I don't mean to believe in your ignorance,
and not at all in your lack of wit Fi
nally I see nothing above virtue, when I
see it at all, which ia not often; Further
more, madame.! feel confused at the im-,
portance Voii attach to my opinion. The
secret of my1 likes and: dislikes is nuite
simple; I have, aa 1 was. telling you, the
most rengious.respect Jor virtue, but all
mineis limited to a deep-seated sentiment
of a few essential duties which; I prac
tise as, best-1 canirl, could notrtherefore
ask' any1 moreJ of others: As to 'the intel
lect, 1 confess. that- value it greatly, and
life seems too serious a matter to be treat
ed on the'footintrof a perpetual ball, from
the cradle to the grave. Moreover, the
productions of the mind, works of art in
particular, are the object of my most pas
sionate preoccupations, and it is natural
that I should like being able to speak of
what interests us. That salt
"Is it absolutely necessary to be forev
er talking of the' ecstacies of the-eon), of
cemeteries, and the Venus of Milo, in or
der to obtain in your opinion the rank of
a serious woman and a woman of taste
But, after all, you are right; I never think:
if I did for one single minute, it seems to
me that I should go mad, that my bead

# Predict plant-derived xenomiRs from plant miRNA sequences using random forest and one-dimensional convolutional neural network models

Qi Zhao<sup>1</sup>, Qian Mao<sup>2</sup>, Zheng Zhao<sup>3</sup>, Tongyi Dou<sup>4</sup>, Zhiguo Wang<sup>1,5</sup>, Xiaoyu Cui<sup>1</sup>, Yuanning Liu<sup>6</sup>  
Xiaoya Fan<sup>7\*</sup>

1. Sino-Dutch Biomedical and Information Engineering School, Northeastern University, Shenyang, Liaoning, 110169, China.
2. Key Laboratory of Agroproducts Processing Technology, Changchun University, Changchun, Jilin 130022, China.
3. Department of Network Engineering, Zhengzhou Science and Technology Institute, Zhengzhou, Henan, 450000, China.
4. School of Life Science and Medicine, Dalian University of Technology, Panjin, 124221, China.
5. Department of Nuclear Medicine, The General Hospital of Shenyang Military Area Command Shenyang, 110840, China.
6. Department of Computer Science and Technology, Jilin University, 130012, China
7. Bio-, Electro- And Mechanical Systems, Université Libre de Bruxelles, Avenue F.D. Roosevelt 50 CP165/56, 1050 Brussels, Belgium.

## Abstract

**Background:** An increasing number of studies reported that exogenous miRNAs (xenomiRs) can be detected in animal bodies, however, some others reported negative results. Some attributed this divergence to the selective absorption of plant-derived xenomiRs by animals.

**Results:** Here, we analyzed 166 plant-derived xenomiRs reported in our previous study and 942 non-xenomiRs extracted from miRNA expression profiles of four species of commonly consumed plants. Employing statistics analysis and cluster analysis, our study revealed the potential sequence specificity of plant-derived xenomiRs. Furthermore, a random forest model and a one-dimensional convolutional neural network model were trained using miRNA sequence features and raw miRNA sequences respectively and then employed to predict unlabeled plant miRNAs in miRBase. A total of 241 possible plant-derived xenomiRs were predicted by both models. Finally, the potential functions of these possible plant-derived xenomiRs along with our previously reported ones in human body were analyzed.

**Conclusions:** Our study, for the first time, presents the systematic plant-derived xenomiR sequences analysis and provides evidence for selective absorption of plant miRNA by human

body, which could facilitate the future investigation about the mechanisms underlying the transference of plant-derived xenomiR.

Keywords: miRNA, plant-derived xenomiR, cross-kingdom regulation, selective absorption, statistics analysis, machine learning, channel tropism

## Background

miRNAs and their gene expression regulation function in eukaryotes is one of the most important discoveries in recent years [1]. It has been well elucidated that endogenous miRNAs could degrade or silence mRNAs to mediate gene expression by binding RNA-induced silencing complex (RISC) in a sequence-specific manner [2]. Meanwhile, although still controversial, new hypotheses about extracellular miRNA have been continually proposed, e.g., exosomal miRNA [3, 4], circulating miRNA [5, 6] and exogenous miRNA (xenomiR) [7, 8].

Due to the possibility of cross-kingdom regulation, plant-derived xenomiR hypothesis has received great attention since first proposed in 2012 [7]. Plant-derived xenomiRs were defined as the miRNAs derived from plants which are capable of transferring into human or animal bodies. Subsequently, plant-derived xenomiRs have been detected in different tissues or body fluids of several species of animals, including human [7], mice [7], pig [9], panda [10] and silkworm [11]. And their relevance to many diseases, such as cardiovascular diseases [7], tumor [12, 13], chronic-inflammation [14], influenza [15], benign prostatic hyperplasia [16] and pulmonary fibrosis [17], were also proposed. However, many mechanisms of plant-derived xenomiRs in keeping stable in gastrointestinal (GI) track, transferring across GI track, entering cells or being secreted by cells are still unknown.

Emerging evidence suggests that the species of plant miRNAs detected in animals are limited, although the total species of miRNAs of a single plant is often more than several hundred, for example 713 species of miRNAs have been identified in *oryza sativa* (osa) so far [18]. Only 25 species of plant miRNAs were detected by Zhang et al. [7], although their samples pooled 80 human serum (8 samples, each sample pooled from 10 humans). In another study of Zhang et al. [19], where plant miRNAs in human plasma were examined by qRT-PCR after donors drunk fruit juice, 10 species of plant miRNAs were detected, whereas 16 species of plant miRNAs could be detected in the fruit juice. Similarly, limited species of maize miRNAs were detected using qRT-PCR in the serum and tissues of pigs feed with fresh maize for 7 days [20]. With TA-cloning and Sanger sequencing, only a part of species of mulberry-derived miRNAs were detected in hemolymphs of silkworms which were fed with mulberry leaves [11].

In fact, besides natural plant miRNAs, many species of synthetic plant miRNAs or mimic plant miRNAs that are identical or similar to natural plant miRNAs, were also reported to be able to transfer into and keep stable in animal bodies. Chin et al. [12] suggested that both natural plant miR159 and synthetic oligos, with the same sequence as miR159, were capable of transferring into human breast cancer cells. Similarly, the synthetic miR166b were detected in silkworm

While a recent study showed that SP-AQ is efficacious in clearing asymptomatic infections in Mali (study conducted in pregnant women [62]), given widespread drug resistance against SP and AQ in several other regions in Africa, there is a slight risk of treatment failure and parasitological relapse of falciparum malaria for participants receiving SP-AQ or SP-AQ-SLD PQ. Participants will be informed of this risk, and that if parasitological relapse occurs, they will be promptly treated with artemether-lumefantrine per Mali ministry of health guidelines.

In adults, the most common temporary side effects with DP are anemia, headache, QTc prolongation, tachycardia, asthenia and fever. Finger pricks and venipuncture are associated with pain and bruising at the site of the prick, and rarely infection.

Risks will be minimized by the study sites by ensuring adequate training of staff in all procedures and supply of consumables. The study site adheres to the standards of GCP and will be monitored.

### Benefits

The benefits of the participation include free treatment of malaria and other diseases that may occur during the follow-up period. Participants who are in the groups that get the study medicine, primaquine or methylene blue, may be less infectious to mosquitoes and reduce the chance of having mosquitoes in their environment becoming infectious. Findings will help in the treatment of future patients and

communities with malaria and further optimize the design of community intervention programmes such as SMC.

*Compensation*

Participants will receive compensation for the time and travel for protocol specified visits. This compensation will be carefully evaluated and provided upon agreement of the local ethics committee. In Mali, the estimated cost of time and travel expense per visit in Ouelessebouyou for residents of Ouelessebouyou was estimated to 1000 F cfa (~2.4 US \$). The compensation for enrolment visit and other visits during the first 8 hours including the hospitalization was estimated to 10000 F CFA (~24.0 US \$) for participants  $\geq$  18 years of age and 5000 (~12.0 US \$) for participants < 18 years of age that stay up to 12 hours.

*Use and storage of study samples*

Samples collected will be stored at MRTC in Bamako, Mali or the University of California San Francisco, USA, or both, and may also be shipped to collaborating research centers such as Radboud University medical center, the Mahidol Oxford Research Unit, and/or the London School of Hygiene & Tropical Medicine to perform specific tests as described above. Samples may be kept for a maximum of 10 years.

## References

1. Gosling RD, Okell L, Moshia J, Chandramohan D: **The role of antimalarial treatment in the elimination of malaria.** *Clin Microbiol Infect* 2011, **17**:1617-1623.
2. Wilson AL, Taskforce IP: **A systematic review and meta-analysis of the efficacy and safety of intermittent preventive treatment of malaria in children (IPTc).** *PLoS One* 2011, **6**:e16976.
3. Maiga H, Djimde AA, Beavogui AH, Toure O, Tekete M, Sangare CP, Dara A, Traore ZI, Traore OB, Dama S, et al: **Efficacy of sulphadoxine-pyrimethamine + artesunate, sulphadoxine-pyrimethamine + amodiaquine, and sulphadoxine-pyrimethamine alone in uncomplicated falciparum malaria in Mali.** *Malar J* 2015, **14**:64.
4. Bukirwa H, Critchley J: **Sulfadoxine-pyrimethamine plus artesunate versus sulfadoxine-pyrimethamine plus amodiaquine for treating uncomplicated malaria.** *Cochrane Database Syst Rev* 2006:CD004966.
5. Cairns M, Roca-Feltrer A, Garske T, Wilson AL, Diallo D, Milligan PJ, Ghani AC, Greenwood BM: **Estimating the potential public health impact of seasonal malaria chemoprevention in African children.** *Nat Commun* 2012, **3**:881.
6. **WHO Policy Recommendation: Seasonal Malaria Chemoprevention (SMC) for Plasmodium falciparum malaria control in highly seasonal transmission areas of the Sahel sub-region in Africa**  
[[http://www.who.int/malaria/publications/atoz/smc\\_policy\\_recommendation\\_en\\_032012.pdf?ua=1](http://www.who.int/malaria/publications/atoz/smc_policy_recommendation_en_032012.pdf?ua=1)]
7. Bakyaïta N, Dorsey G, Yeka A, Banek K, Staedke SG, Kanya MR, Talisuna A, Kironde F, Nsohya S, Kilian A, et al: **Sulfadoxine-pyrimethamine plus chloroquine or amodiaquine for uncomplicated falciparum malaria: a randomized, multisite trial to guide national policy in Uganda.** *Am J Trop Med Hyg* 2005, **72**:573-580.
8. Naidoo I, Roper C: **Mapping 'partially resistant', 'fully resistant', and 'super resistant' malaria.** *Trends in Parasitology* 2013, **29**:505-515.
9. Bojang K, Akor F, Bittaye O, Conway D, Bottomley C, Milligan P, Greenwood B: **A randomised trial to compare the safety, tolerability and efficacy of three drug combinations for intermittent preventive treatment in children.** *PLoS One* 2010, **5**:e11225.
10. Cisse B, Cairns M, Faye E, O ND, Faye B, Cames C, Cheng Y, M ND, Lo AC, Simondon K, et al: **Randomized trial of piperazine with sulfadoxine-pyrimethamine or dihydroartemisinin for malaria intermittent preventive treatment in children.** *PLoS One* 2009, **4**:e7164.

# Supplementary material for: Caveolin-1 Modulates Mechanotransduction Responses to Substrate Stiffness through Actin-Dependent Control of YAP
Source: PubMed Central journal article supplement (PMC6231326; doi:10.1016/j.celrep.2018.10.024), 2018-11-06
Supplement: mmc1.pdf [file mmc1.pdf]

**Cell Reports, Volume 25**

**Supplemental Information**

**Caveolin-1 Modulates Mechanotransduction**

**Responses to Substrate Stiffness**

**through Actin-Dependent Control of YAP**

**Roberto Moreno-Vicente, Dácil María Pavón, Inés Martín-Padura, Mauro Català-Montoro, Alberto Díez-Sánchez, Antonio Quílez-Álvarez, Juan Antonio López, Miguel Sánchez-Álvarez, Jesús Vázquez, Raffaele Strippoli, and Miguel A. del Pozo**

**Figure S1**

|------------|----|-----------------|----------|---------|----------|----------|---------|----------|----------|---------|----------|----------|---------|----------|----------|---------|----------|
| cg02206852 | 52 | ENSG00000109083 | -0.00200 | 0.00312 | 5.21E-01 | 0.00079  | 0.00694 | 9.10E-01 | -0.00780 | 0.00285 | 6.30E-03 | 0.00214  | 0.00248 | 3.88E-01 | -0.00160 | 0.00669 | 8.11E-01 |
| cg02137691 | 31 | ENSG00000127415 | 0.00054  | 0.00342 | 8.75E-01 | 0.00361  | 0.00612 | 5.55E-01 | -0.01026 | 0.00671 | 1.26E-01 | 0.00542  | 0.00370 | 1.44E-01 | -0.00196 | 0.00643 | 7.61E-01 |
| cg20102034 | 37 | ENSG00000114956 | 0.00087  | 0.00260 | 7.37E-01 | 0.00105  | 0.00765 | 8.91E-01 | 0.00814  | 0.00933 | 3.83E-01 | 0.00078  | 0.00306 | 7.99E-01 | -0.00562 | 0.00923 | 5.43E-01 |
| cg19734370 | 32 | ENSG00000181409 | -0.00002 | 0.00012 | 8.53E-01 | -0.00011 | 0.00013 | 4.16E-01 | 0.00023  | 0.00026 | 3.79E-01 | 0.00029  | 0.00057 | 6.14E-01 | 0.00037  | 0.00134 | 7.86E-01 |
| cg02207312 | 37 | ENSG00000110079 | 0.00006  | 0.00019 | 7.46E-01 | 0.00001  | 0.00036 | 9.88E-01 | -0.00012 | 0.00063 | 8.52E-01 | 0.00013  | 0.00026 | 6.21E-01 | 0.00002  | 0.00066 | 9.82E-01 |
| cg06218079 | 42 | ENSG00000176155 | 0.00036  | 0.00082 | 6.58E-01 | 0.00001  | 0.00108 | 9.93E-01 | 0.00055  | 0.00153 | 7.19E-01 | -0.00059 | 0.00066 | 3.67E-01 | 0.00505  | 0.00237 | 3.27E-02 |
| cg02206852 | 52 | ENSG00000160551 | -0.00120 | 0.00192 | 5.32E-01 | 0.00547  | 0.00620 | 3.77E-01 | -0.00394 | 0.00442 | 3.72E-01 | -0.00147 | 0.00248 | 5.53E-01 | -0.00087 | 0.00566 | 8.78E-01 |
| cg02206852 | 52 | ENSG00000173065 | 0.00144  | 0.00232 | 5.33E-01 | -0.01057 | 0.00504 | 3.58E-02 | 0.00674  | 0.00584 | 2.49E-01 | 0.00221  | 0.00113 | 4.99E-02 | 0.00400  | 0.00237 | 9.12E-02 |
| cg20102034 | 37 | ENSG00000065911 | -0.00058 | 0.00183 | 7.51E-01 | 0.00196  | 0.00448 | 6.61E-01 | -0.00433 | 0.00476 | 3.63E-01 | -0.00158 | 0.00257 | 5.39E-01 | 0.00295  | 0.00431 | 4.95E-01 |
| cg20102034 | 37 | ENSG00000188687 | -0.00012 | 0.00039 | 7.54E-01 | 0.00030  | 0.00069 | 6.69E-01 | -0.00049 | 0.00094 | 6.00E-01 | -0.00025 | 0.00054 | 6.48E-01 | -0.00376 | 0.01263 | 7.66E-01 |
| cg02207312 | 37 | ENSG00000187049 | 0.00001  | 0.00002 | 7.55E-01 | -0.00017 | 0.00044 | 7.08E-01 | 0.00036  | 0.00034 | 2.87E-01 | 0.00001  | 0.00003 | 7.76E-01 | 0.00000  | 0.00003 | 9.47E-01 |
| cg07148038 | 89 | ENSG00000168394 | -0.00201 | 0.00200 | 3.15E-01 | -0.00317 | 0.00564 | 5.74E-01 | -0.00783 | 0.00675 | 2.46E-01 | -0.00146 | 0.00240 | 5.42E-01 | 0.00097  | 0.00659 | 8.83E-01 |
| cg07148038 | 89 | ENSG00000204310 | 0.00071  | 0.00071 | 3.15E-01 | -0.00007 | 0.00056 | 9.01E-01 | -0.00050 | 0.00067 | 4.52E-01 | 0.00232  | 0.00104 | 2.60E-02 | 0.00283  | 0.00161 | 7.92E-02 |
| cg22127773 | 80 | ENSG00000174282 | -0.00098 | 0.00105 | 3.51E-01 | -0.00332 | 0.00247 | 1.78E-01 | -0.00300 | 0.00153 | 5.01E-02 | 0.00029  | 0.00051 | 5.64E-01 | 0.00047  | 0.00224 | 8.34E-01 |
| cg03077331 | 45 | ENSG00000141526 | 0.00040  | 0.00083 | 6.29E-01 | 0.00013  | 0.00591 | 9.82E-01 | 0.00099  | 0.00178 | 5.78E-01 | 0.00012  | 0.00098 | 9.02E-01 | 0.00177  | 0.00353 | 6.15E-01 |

would split And what do you think
about yourself, in that old convent cell?"
"X thought ajrreat deal about you. I
replied gayly, "on the evening"of that day
when you hunted me down so unmerci
fully, and I abused you most heartily."
"I can understand that" She began
laughing, looking all around her, and
added: "What a lovely valley I what a de
lightful evening! And now, are you still
disposed to abuse me?"
"Isow, 1 wish from the bottom of my
soul I were able to do something foryour
"And I for yours, she said quietly.
I bowed for an answer, and -a brief
"If I were a man,' suddenly said Mad
ame de Palme, "I believe I would like to
be a hermit,"
"OhI what a'pity!"
"The idea does not surprise you!''
"Nothing from me would surprise you,
suppose. You believe me-capable of
anything of anything, perhaps even .of
being fond of you?"
"Why not? Greater wonders' have
been seen! Am I not fond of you myself
at the present moment? 1 bat's a line ex
ample to follow!"'
"You must give me ttme to think
"As long as it may be necessary. We
are friends in the meantime?" -
'If we are friends, there is nothing fur
ther to expect," 1 said, holding 'cut my
hand frankly to the Little Counters. I
felt that she was Drssine it lizhtly. and
conversation ended there. We had reach
ed the top of the hills; it was now quite
dark, and we galloped all! the reit ot the
way to the chateau..
As I was coming down from my room
foe dinner I met Madame de Malouet in
"Well, she said laughingly, "did you
ooniorm to the prescription!
"Excellent! She is satisfied now, and
so are you.
"Ameni 1 said.
The evening passed off without further
incident. I took pleasure in doing for
Madame de Palme some trifling services
which she was no longer asking. She left
the dance two or three times to come and
address me some good-natured jests that